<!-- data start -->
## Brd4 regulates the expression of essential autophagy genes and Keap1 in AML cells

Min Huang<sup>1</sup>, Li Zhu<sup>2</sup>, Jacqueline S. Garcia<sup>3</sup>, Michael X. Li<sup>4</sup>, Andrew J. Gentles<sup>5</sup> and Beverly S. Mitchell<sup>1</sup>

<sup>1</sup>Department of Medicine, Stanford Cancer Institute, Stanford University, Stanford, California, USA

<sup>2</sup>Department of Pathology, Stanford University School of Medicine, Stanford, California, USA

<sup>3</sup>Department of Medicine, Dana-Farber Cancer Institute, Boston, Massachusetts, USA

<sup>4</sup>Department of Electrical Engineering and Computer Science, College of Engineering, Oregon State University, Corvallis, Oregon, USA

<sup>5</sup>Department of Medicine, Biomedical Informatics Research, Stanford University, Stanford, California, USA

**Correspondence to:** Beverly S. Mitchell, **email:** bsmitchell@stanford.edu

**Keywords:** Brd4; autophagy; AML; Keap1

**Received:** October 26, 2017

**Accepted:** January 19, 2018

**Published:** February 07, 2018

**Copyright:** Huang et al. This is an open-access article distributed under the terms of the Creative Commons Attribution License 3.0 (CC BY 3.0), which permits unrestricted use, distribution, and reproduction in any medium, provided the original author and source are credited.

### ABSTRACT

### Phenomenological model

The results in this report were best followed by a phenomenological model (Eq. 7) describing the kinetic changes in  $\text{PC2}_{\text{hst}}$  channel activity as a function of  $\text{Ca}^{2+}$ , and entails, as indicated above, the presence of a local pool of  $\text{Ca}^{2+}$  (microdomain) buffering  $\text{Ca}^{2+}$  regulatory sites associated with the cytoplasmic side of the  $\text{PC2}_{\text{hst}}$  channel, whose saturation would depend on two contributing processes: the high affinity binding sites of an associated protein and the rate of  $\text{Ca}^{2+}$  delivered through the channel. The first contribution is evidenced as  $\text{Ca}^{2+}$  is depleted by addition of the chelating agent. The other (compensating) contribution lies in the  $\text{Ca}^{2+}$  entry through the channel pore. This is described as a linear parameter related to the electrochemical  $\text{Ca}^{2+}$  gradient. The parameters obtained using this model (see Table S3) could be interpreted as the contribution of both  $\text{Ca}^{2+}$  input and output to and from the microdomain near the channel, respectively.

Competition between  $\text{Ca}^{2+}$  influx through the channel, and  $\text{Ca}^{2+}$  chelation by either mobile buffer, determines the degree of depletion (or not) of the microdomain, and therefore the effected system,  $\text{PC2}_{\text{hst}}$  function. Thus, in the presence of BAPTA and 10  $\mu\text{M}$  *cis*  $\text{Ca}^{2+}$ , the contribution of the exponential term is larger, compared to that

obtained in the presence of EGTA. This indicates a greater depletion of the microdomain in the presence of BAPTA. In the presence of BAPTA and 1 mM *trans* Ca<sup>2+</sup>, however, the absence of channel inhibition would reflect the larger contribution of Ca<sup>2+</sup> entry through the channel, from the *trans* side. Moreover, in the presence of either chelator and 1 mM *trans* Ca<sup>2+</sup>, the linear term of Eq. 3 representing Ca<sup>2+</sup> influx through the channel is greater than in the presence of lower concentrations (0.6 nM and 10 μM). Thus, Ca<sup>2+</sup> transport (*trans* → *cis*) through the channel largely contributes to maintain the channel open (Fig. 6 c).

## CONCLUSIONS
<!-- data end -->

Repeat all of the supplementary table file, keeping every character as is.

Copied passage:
## Brd4 regulates the expression of essential autophagy genes and Keap1 in AML cells

Min Huang<sup>1</sup>, Li Zhu<sup>2</sup>, Jacqueline S. Garcia<sup>3</sup>, Michael X. Li<sup>4</sup>, Andrew J. Gentles<sup>5</sup> and Beverly S. Mitchell<sup>1</sup>

<sup>1</sup>Department of Medicine, Stanford Cancer Institute, Stanford University, Stanford, California, USA

<sup>2</sup>Department of Pathology, Stanford University School of Medicine, Stanford, California, USA

<sup>3</sup>Department of Medicine, Dana-Farber Cancer Institute, Boston, Massachusetts, USA

<sup>4</sup>Department of Electrical Engineering and Computer Science, College of Engineering, Oregon State University, Corvallis, Oregon, USA

<sup>5</sup>Department of Medicine, Biomedical Informatics Research, Stanford University, Stanford, California, USA

**Correspondence to:** Beverly S. Mitchell, **email:** bsmitchell@stanford.edu

**Keywords:** Brd4; autophagy; AML; Keap1

**Received:** October 26, 2017

**Accepted:** January 19, 2018

**Published:** February 07, 2018

**Copyright:** Huang et al. This is an open-access article distributed under the terms of the Creative Commons Attribution License 3.0 (CC BY 3.0), which permits unrestricted use, distribution, and reproduction in any medium, provided the original author and source are credited.

### ABSTRACT

### Phenomenological model

The results in this report were best followed by a phenomenological model (Eq. 7) describing the kinetic changes in  $\text{PC2}_{\text{hst}}$  channel activity as a function of  $\text{Ca}^{2+}$ , and entails, as indicated above, the presence of a local pool of  $\text{Ca}^{2+}$  (microdomain) buffering  $\text{Ca}^{2+}$  regulatory sites associated with the cytoplasmic side of the  $\text{PC2}_{\text{hst}}$  channel, whose saturation would depend on two contributing processes: the high affinity binding sites of an associated protein and the rate of  $\text{Ca}^{2+}$  delivered through the channel. The first contribution is evidenced as  $\text{Ca}^{2+}$  is depleted by addition of the chelating agent. The other (compensating) contribution lies in the  $\text{Ca}^{2+}$  entry through the channel pore. This is described as a linear parameter related to the electrochemical  $\text{Ca}^{2+}$  gradient. The parameters obtained using this model (see Table S3) could be interpreted as the contribution of both  $\text{Ca}^{2+}$  input and output to and from the microdomain near the channel, respectively.

Competition between  $\text{Ca}^{2+}$  influx through the channel, and  $\text{Ca}^{2+}$  chelation by either mobile buffer, determines the degree of depletion (or not) of the microdomain, and therefore the effected system,  $\text{PC2}_{\text{hst}}$  function. Thus, in the presence of BAPTA and 10  $\mu\text{M}$  *cis*  $\text{Ca}^{2+}$ , the contribution of the exponential term is larger, compared to that

obtained in the presence of EGTA. This indicates a greater depletion of the microdomain in the presence of BAPTA. In the presence of BAPTA and 1 mM *trans* Ca<sup>2+</sup>, however, the absence of channel inhibition would reflect the larger contribution of Ca<sup>2+</sup> entry through the channel, from the *trans* side. Moreover, in the presence of either chelator and 1 mM *trans* Ca<sup>2+</sup>, the linear term of Eq. 3 representing Ca<sup>2+</sup> influx through the channel is greater than in the presence of lower concentrations (0.6 nM and 10 μM). Thus, Ca<sup>2+</sup> transport (*trans* → *cis*) through the channel largely contributes to maintain the channel open (Fig. 6 c).

## CONCLUSIONS